How high was he now? How much farther had he got by this? Josh's arms were like iron, and the strength in that deformed wrist and hand was tremendous.

Up he went; Will could feel it; and he longed to gaze up and see how he progressed; but somehow that horrible shrinking sensation came over him, and he could only wait.

How long it seemed, and how the rope jerked! Was it quite strong enough? Suppose Josh were to fall headlong into the black water below!

Will shuddered, and tried to keep all these coward fancies out of his mind; but they would come as he stood listening and holding the rope just tight enough to feel the action of his friend.

What a tremendous effort it seemed; and how long he was! Surely he must be at the top by now.

"Nearly up, Josh?" he shouted.

"Up! No: not half-ways," replied the fisherman. "She's too thin, and as wet as wet. I can't get a hold."

Will's heart sank, for he felt that there was failure in his companion's words; and with parched lips and dry throat he listened to the climber's pantings and gaspings as he toiled on, paused, climbed again, and then there was a strange hissing noise that made Will hold his breath. The rope, too, was curiously agitated, not in a series of jerks, but in a continuous vibrating manner, and before Will could realise what it all meant Josh was level with the gallery once more, swinging to and fro in the faint light.

"Haul away, young un, and let's come in," he panted; and somehow he managed to scramble in as Will held the rope taut.

"It ain't to be done," said Josh, sitting down and panting like a dog. "If it were a cable I could go up it like a fly, but that there rope runs through your legs and you can't get no stay."

"How far did you get, Josh?" whispered Will.

"Not above half-ways," grumbled Josh, "and I might have gone on trying; but it was no good, I couldn't have reached. I say, my lad, what's going to be done?"



It seemed that all they could do was to sit and think of there being any likelihood of their being found, and Will asked at last whether anyone knew where Josh was about to take the new rope.

"Nobody," he said gruffly. "I knowed you didn't want it known, so I held my tongue."

"But who lent you the rope, Josh?"



"Nobody. Folk won't lend noo ropes to a fellow without knowing what they're going to do with 'em. I bought it."

"You bought it, Josh—with your own money?"

"Ain't got anybody else's money, have I?" growled Josh. "Here, I know. What stoopids we are!"

"You know what?" cried Will.

"Why, how to get out o' this here squabble."

"Can you—find a way along this gallery, Josh?" said Will eagerly.

"Not likely; but we can get down to the water and go along the adit."

"Adit!" said Will; "is there one?"

"Sure to be, else the water would be up here ever so high. They didn't bring all the earth and stones and water up past here, I know, when they could get rid of 'em by cutting an adit to the shore."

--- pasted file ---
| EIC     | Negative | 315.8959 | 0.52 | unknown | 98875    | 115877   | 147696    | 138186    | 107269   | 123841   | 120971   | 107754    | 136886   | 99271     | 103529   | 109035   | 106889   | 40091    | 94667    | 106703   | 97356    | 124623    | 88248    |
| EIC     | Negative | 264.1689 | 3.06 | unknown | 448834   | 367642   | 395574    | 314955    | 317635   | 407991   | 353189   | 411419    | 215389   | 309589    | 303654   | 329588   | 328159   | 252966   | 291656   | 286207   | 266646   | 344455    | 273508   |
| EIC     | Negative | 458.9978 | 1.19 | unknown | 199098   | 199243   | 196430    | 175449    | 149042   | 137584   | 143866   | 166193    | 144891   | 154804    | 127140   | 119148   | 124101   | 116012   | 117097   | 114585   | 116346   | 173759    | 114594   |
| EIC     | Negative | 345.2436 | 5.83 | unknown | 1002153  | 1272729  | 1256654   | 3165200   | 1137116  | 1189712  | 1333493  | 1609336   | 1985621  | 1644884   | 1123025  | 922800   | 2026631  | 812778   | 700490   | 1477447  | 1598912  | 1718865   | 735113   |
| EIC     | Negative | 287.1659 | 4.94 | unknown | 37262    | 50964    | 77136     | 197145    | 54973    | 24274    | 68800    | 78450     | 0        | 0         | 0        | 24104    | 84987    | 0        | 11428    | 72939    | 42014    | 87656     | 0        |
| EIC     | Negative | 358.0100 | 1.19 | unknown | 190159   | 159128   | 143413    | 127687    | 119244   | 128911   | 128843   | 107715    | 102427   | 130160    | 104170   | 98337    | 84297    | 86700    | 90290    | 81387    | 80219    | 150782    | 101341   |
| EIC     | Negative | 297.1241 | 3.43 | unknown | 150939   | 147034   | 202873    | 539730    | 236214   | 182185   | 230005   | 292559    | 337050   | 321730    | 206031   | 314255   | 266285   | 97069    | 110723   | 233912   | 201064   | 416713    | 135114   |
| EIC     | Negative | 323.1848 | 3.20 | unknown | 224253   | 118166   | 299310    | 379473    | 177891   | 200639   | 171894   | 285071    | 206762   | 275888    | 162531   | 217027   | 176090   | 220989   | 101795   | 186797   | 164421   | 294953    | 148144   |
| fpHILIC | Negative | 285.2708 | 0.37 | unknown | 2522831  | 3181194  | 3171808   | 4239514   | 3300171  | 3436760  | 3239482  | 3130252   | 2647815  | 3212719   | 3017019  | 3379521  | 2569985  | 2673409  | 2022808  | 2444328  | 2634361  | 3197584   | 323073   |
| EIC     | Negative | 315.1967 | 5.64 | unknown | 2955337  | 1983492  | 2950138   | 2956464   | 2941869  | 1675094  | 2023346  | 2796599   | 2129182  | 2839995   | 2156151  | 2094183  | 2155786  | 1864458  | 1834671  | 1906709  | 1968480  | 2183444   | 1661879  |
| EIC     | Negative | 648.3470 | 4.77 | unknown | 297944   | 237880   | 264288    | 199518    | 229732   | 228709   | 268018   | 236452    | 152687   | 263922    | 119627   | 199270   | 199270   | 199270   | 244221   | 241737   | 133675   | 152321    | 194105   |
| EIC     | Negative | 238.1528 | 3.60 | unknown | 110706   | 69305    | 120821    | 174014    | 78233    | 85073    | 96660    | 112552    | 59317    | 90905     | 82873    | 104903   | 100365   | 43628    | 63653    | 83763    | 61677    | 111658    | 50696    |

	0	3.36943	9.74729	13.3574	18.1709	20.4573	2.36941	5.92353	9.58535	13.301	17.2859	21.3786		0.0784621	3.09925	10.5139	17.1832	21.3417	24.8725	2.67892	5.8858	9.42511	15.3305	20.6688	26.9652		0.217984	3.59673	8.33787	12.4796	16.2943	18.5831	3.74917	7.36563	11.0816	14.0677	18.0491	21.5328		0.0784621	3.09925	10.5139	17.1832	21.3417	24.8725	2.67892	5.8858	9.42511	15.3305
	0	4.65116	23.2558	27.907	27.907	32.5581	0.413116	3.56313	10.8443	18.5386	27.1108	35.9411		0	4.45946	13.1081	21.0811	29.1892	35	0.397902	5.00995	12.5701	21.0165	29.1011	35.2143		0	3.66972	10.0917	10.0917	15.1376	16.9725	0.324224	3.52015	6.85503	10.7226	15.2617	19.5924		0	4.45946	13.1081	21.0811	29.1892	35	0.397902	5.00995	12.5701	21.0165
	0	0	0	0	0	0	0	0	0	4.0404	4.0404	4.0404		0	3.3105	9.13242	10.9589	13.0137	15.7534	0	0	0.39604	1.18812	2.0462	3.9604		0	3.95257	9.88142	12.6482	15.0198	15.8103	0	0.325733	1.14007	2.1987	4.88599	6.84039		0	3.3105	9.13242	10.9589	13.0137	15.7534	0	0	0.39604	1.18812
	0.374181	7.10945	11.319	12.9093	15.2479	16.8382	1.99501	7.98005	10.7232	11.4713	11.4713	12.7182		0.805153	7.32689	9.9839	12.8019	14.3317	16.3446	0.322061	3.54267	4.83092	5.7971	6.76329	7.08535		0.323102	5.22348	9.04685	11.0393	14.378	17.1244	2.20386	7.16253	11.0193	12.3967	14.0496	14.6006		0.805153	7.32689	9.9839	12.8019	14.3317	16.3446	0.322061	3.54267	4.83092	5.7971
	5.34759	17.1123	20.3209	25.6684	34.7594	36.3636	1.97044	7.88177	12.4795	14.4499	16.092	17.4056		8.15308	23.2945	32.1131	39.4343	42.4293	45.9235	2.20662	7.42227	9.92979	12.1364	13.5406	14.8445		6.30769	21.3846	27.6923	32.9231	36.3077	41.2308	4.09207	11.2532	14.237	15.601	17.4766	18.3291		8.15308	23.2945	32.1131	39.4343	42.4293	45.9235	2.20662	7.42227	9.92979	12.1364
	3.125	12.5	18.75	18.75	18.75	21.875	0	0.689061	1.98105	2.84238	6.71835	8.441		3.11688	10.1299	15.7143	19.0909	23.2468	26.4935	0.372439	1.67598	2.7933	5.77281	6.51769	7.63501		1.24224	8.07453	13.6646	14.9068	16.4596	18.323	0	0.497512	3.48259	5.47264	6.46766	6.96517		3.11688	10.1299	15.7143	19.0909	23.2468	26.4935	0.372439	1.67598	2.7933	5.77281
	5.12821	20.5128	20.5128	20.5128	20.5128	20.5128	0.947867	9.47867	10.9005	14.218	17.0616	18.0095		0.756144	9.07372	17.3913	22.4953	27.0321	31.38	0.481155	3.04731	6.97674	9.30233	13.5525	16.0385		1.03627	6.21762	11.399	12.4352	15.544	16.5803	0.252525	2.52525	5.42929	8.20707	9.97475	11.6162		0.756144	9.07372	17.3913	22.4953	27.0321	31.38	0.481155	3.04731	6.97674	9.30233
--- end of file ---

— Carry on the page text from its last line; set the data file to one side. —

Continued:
Will caught the fisherman's arm in his hands. "I—I never saw it," he cried.

"Well, what o' that? Pr'aps it's half hid among the stones. I dunno: but there allus is one where they make a shaft along on the cliff."

"But what will you do?"

"Do, lad? Why, go down and see—or I s'pose I must feel; it'll be so dark."

As Josh spoke he rose and got hold of the rope once more.

"No, no!" panted Will. "It is too dangerous, Josh, I can't let you go."

"I say, don't be stoopid, lad. We can't stop here; you know. Nobody won't bring us cake and loaves o' bread and pilchard and tea, will they?"

"But, Josh!"

"Look here, lad, it's easy enough going down, ain't it?"

"Yes, yes," cried Will; "but suppose there is no adit; suppose there is no way out to the shore: how will you get back?"

"There I am again," growled Josh in an ill-used tone. "I never thought of that. I've got a good big head, but it never seems to hold enough to make me think like other men."

"You could not climb up to the mouth, so how could you climb up again here?"

Josh remained silent for a few minutes, and then he gave a stamp with his foot.

"Why," he cried, "you're never so much more clever than me. Why didn't you think o' this here?"

"What? What are you going to do, Josh?"

"Do, lad!" he cried, suiting the action to the word by running the rope through his hands sailor-fashion till he got hold of the end; "why, I'm going to make a knot every half fathom as nigh as I can guess it, and then it'll be easy enough to climb up or down."

Will breathed more freely, and stood listening to his companion's work, for it was a task for only one.

"There you are," cried Josh at the end of a few minutes' knotting. "Now, then, who'll go down first—you or me?"

"I will," said Will. "I'm better now."

"Glad to hear it, lad; but you ain't going first into that gashly hole while I'm here. Stand aside."

Catching hold of the rope again he gradually tightened it to feel whether it was all right and had not left its place over the iron bar; and then, swinging himself off, he descended quickly about fifty feet till Will could hear his feet splash into the water, and then he shouted:

"Hooray, lad!"

"Is there an adit, Josh?"

"Dunno yet, but there's a big stick o' wood floating here as someone's pitched down, and our old rope's lying across it. I shall make it fast to the end here before I go any farther."

A good deal of splashing ensued, and then as Will listened it seemed to him that his companion must have lowered himself partly into the adit, for the rope swung to and fro. Then his heart leaped, for Josh sang out cheerily: